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Murder in Boston Podcast: Guide to episode 6

Everything you know, everything you’ve heard, is flipped on its head when one morning a man walks to the edge of the Tobin Bridge and steps off, falling 145 feet into the frigid waters below. The death sends waves of disbelief, rage, and guilt through Boston. And it forces everyone to examine themselves and the role they’ve played in a terrible hoax.

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For more about this episode:

– Read Chapter 7 of the Globe’s written series on the Charles Stuart case

– Find out more about the characters interviewed throughout the podcast

– Look at documents related to this podcast


ADRIAN WALKER (host): Please note, this episode includes some spoilers for the HBO Documentary Murder in Boston: Roots, Rampage, and Reckoning. Before we begin, this episode contains some offensive language and descriptions of violence. It also references suicide. It may not be appropriate for all listeners. Please take care while listening.

ADRIAN WALKER (host): It’s January 4th, 1990. Chuck Stuart stops his car on the lower deck of the Tobin Bridge. He leaves a handwritten note on the front passenger seat and steps out. The engine’s still running. Chuck walks to the concrete edge and peers down into the Mystic River, climbs over a green metal railing and falls 145 feet into the frigid water below.

In this moment, everything changes.

The police theories, the media narratives, the citizen outrage... It’s all wrong. It’s as if everyone is peering down into the water where Chuck Stuart landed. And they see themselves in the reflection.

It’s ugly.

TV reporter Jack Harper was sent to the bridge that day.

Jack Harper: I remember it was cold. And I was sent down to the dock because there was a report of a man who jumped in the water. And I’ll never forget it. It was the First Assistant District Attorney Leary was there. And I remember standing there with him and I said, “Oh, my God. This poor guy, how much worse can it get? What a terrible ending. He just couldn’t take it anymore. I understand.” And he said, “You have no idea. You don’t know what happened. It’s not what you think. He killed her! He set this up. He just committed suicide.” Everything stopped.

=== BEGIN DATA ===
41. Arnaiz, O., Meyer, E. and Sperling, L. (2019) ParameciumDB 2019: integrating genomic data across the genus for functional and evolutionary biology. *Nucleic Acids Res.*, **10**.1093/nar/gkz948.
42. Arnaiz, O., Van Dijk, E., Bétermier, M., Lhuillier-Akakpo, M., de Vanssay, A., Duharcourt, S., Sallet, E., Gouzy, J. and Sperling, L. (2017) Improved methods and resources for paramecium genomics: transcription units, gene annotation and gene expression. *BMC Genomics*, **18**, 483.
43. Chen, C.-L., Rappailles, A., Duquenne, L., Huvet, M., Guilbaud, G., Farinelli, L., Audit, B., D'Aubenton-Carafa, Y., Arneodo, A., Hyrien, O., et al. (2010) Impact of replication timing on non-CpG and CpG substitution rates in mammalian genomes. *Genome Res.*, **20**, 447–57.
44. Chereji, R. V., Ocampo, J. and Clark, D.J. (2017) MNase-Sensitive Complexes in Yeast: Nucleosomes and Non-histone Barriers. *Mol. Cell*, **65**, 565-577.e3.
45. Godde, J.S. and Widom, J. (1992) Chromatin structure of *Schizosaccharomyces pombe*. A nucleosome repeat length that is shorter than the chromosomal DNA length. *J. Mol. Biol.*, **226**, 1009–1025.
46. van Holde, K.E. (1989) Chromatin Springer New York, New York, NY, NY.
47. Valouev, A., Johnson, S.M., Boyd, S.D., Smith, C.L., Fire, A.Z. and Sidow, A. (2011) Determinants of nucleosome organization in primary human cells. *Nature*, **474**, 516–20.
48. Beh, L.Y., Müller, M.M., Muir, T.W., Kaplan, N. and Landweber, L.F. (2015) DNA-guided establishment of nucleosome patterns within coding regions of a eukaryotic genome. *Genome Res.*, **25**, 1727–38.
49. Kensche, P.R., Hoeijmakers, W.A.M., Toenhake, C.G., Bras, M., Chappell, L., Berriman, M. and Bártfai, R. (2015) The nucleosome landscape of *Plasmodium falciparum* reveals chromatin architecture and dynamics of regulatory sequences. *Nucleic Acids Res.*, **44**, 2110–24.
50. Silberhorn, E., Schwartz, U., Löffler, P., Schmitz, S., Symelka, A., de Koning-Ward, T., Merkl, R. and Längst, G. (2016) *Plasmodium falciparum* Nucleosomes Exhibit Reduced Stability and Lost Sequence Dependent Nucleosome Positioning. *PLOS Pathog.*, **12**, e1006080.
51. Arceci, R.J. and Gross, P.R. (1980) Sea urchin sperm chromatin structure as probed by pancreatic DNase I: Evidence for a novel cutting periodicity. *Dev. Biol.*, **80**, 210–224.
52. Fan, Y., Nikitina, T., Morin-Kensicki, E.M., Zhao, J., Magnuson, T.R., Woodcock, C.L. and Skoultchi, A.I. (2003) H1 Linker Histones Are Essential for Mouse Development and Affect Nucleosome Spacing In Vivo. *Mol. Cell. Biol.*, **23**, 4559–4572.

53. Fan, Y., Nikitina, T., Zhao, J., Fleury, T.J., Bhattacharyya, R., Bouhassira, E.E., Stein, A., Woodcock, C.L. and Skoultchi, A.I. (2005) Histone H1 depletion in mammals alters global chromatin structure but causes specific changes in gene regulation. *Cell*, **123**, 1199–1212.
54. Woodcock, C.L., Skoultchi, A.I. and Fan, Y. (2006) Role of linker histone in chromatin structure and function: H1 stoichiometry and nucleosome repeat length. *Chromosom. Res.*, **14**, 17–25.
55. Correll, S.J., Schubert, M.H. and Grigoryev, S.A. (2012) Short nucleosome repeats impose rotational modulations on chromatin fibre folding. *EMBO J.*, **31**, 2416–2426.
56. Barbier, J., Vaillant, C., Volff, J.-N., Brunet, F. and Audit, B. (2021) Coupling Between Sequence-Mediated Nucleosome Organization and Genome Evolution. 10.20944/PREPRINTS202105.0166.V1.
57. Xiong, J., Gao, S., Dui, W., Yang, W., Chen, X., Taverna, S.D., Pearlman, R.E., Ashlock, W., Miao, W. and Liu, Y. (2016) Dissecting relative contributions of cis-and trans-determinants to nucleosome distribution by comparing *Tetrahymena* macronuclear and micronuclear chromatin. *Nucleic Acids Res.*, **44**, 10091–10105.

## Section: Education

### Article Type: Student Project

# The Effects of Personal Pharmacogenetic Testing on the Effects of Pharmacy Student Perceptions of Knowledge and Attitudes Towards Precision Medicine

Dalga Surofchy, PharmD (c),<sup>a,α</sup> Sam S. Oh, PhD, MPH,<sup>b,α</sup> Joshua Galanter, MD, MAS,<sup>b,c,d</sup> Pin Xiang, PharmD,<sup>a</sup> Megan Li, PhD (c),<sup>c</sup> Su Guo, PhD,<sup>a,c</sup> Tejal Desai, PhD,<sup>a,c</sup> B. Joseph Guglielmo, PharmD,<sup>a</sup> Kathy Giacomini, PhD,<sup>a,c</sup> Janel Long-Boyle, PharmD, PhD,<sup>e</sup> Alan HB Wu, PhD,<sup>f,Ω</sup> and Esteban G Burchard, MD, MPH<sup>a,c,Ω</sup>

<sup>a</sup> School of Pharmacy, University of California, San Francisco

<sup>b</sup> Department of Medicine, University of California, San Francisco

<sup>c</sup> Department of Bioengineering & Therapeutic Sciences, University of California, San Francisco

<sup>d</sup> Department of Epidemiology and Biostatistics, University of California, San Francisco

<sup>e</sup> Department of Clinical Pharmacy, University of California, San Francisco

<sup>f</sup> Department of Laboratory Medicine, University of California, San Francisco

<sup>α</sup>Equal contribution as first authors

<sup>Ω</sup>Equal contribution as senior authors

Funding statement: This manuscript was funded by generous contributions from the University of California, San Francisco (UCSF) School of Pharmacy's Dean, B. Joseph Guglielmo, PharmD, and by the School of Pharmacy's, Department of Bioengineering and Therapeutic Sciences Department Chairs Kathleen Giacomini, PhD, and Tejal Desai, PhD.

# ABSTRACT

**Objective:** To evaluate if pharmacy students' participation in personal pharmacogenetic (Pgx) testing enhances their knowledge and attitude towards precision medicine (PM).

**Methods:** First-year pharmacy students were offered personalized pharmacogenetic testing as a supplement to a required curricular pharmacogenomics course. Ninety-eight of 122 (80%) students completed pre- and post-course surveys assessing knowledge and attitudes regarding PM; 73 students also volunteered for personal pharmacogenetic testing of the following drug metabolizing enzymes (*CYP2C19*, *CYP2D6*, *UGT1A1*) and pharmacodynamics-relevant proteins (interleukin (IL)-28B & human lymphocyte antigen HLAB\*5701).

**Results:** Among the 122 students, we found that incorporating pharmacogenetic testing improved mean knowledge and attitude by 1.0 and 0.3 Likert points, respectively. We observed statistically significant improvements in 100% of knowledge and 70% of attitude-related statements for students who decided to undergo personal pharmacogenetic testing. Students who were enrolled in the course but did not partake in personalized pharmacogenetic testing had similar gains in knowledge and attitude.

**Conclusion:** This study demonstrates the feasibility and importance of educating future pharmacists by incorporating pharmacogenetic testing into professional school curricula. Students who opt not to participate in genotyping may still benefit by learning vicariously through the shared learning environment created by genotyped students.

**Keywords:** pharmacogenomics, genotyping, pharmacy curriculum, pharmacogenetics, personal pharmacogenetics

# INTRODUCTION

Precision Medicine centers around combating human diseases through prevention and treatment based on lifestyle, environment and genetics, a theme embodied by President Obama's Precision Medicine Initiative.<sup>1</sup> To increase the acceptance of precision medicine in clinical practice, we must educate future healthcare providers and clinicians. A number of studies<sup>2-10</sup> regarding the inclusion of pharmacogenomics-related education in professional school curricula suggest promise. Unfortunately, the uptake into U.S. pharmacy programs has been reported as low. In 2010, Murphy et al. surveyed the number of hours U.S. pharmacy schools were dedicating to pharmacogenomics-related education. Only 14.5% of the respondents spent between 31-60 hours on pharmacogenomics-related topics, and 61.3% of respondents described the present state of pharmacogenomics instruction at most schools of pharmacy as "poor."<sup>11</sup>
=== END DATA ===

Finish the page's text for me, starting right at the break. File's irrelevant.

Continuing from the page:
ADRIAN WALKER (host): The reporter called his newsroom.

Jack Harper: I said. “The district attorney says that it is Charles Stuart… but he killed her.” It was a hoax. He set it up. And they’re like, silence.

Barbara Williamson: I was just kicking myself! We all were kicking ourselves. How could we not have figured this out? How could we not have known?

ADRIAN WALKER (host): Carol’s friend from the accounting firm, Barbara Williamson, remembers riding waves of disbelief and guilt. How easy it had been to believe the lie.

Barbara Williamson: I had to rewrite the story in my head. I had to recapitulate the whole experience through a completely different lens. And I was just so full of shame for what happened to the African-American people in Boston, feeling like I was a part of it. I was complicit. No, I didn’t pull the trigger. No, I didn’t point the finger at the wrong guy but I’m white, and I’m enmeshed in this mess.

ADRIAN WALKER (host): And this is the thing, everyone was enmeshed in this mess. Everyone had been sucked into this drama. It only took two words from Chuck, as he lay bleeding on a stretcher: “Black. Man.” And all this machinery – the police, the press, the politicians – kicked into gear. These institutions did what they always did. What they always had done.

Find the Black man.

To pull off his racist hoax, Chuck needed everyone’s help and he knew how to get it. He knew what story to tell. And people didn’t just believe it, they rallied around it. That sense of complicity was uncomfortable for a lot of people.

Archived Recording (Toni Logan, Resident): And I don’t like being made to feel racist and in fear of the Blacks, because there are just as many rotten white people as there are Blacks.